Amgen bike race at Lake Tahoe: Breaking down travel impacts
Special to the Bonanza
The 2016 Amgen Tour of California pro cycling competition will once again include more than 350 of the world’s top cyclists. Visit amgentourofcalifornia.com to learn more.
LAKE TAHOE, Calif. — Motorists can expect limited road closures and delays when the Amgen Tour of California pedals its way into Lake Tahoe later this month.
Stage 1 of the women’s pro cycling competition is set to start at roughly 10:50 a.m. May 19 at the base of Heavenly Mountain Resort on the South Shore, with 120 planned participants and 80 support vehicles traveling clockwise around the lake, finishing at about 2 p.m. at Heavenly.
Portions of roadway will be closed for about 20 minutes in both direction as part of rolling stops along the 72-mile course route, said Mike Frye, event and international media relations manager for Lake Tahoe Visitors Authority.
Vehicles will be allowed to follow behind the procession; however, traffic heading toward the procession will be pulled to the side of the road until it passes.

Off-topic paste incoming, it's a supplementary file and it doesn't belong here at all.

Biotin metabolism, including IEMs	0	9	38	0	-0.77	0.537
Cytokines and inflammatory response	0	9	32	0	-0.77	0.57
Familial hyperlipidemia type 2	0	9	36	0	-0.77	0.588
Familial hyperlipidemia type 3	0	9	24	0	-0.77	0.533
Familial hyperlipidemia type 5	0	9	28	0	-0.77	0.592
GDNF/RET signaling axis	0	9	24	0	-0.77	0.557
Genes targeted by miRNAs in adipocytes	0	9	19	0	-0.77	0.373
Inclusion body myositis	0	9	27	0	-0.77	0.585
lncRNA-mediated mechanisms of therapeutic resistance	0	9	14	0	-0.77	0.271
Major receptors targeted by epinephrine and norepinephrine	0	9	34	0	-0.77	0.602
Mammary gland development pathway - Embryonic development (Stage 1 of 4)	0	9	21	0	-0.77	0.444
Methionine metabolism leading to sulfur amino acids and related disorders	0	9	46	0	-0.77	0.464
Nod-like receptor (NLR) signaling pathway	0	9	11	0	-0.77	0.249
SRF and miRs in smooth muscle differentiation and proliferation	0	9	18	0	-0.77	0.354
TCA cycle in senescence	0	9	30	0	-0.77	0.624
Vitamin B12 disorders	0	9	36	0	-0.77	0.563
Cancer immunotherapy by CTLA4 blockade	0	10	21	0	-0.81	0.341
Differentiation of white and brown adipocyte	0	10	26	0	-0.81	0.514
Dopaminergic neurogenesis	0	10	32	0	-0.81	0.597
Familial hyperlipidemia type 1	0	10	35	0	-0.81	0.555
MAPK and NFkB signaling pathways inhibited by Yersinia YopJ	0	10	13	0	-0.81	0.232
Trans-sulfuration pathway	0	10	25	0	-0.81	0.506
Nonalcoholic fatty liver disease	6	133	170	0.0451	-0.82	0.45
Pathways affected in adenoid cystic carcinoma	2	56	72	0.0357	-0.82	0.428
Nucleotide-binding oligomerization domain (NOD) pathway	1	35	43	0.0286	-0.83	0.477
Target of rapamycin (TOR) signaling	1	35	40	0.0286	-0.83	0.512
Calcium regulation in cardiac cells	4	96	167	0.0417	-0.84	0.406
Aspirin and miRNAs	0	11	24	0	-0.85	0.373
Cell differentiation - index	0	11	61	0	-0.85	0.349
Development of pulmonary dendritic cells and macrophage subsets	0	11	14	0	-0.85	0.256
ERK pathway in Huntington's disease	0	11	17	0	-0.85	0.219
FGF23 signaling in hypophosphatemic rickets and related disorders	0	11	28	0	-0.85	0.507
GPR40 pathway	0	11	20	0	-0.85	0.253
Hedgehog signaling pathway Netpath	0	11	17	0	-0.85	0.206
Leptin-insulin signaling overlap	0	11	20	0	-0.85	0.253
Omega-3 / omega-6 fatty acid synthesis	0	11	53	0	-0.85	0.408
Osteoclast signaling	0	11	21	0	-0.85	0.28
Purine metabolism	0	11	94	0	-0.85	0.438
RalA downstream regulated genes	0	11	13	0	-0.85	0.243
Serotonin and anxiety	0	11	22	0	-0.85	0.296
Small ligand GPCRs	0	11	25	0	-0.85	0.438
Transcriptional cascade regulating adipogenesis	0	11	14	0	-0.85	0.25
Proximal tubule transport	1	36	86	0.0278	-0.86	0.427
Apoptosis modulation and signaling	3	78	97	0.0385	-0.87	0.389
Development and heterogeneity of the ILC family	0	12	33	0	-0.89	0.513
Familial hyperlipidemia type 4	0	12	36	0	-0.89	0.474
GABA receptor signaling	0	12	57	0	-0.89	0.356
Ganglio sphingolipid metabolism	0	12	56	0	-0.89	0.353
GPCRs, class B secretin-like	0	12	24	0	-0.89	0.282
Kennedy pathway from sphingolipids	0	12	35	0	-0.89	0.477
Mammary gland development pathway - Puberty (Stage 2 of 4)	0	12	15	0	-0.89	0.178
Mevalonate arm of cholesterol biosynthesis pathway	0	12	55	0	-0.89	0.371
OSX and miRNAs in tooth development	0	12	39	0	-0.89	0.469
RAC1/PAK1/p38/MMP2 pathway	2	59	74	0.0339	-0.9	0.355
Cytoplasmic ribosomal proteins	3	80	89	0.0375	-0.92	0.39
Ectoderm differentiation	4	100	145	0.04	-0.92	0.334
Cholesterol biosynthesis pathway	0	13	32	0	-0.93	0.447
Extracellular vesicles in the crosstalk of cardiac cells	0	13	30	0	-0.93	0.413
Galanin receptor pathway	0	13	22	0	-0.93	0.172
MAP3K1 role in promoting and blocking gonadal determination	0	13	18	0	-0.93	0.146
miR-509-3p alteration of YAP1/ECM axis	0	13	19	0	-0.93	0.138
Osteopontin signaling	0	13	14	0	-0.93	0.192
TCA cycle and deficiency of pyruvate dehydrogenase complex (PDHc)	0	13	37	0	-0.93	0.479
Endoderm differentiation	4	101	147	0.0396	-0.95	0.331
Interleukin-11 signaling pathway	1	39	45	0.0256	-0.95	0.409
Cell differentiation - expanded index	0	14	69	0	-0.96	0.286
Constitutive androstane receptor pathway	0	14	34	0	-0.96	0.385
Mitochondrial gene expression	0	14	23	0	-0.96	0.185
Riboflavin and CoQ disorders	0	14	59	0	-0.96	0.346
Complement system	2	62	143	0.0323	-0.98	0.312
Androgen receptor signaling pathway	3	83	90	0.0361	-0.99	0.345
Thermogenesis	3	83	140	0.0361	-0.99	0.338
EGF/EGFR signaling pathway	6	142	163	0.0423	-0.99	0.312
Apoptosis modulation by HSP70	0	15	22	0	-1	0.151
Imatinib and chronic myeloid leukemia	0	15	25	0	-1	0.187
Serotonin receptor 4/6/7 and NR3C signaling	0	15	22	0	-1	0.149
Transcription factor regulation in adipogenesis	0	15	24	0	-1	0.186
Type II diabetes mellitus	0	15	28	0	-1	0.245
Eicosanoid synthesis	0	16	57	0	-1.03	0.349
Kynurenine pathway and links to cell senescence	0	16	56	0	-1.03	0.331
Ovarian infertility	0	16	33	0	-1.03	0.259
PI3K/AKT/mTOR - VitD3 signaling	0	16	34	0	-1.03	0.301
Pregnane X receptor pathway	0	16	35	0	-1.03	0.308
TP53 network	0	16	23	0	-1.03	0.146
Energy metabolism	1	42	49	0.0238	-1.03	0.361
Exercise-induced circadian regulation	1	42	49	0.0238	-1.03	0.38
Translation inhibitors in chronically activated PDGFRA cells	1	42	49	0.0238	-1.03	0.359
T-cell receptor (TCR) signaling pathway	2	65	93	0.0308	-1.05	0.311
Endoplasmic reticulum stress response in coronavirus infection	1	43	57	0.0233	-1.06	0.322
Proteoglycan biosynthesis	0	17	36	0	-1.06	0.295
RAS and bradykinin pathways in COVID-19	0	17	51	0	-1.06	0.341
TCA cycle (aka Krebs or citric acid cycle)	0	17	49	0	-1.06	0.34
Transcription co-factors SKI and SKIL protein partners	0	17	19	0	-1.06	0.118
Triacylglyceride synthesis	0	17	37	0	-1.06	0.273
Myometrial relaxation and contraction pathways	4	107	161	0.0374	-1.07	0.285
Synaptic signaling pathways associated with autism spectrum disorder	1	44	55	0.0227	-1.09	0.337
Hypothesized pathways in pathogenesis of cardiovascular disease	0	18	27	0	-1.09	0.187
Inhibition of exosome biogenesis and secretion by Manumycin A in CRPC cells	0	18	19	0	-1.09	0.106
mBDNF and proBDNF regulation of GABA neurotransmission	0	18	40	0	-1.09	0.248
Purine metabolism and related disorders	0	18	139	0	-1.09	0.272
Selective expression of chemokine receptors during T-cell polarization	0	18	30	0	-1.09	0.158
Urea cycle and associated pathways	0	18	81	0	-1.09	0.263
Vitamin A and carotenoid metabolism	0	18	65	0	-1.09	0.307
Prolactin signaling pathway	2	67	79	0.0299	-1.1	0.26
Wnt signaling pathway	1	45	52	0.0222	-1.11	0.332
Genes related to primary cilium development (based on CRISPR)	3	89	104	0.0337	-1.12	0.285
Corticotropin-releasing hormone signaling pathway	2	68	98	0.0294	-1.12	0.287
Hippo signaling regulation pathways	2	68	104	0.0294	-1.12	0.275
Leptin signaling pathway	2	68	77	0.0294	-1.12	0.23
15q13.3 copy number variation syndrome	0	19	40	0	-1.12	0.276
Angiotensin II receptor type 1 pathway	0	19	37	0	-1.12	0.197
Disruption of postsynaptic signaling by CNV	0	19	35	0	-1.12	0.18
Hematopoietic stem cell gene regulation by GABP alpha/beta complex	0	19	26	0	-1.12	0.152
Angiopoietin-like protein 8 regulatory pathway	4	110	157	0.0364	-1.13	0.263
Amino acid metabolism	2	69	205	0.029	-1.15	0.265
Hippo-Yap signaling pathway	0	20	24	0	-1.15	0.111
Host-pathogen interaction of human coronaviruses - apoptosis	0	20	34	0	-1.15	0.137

People wishing to avoid race impacts are advised to give themselves a 30-minute cushion on Highway 89 on the West Shore, and an hour cushion on highways 28 and 50 on either end of the below intersection arrival times:
• Enter Meeks Bay – 11:43 a.m.
• Enter Tahoma on Highway 89 – 11:51 a.m.
• Turn right onto Highway 28 at Tahoe City – 12:13 p.m.
• Enter Kings Beach – 12:35 p.m.
• Enter Nevada at Stateline Road – 12:40 p.m.
• Right turn onto Lakeshore Blvd. in Incline Village -12:46 p.m.
• Right turn onto Highway 28 – 12:54 p.m.
• Right turn onto Highway 50 from Highway 28/Spooner Summit – 1:19 p.m.
Arrival times are approximate, according to race officials, and based on a 10:50 a.m. start. If the start is delayed, arrival times will change in proportion.
Meanwhile, Stage 5 of the men’s race, which begins in Lodi, Calif., will enter the basin from Pioneer Trail on the South Shore at approximately 3:15 p.m. on May 19, continuing onto Ski Run Boulevard before finishing at about 3:45 p.m. at Heavenly, Frye said.
He added that there will be “limited impacts” to area roadways from the men’s race, which will include about 200 participants and 100 support vehicles.
Electronic and other signage will be posted by May 12 to notify the traveling public of the race and its anticipated impacts.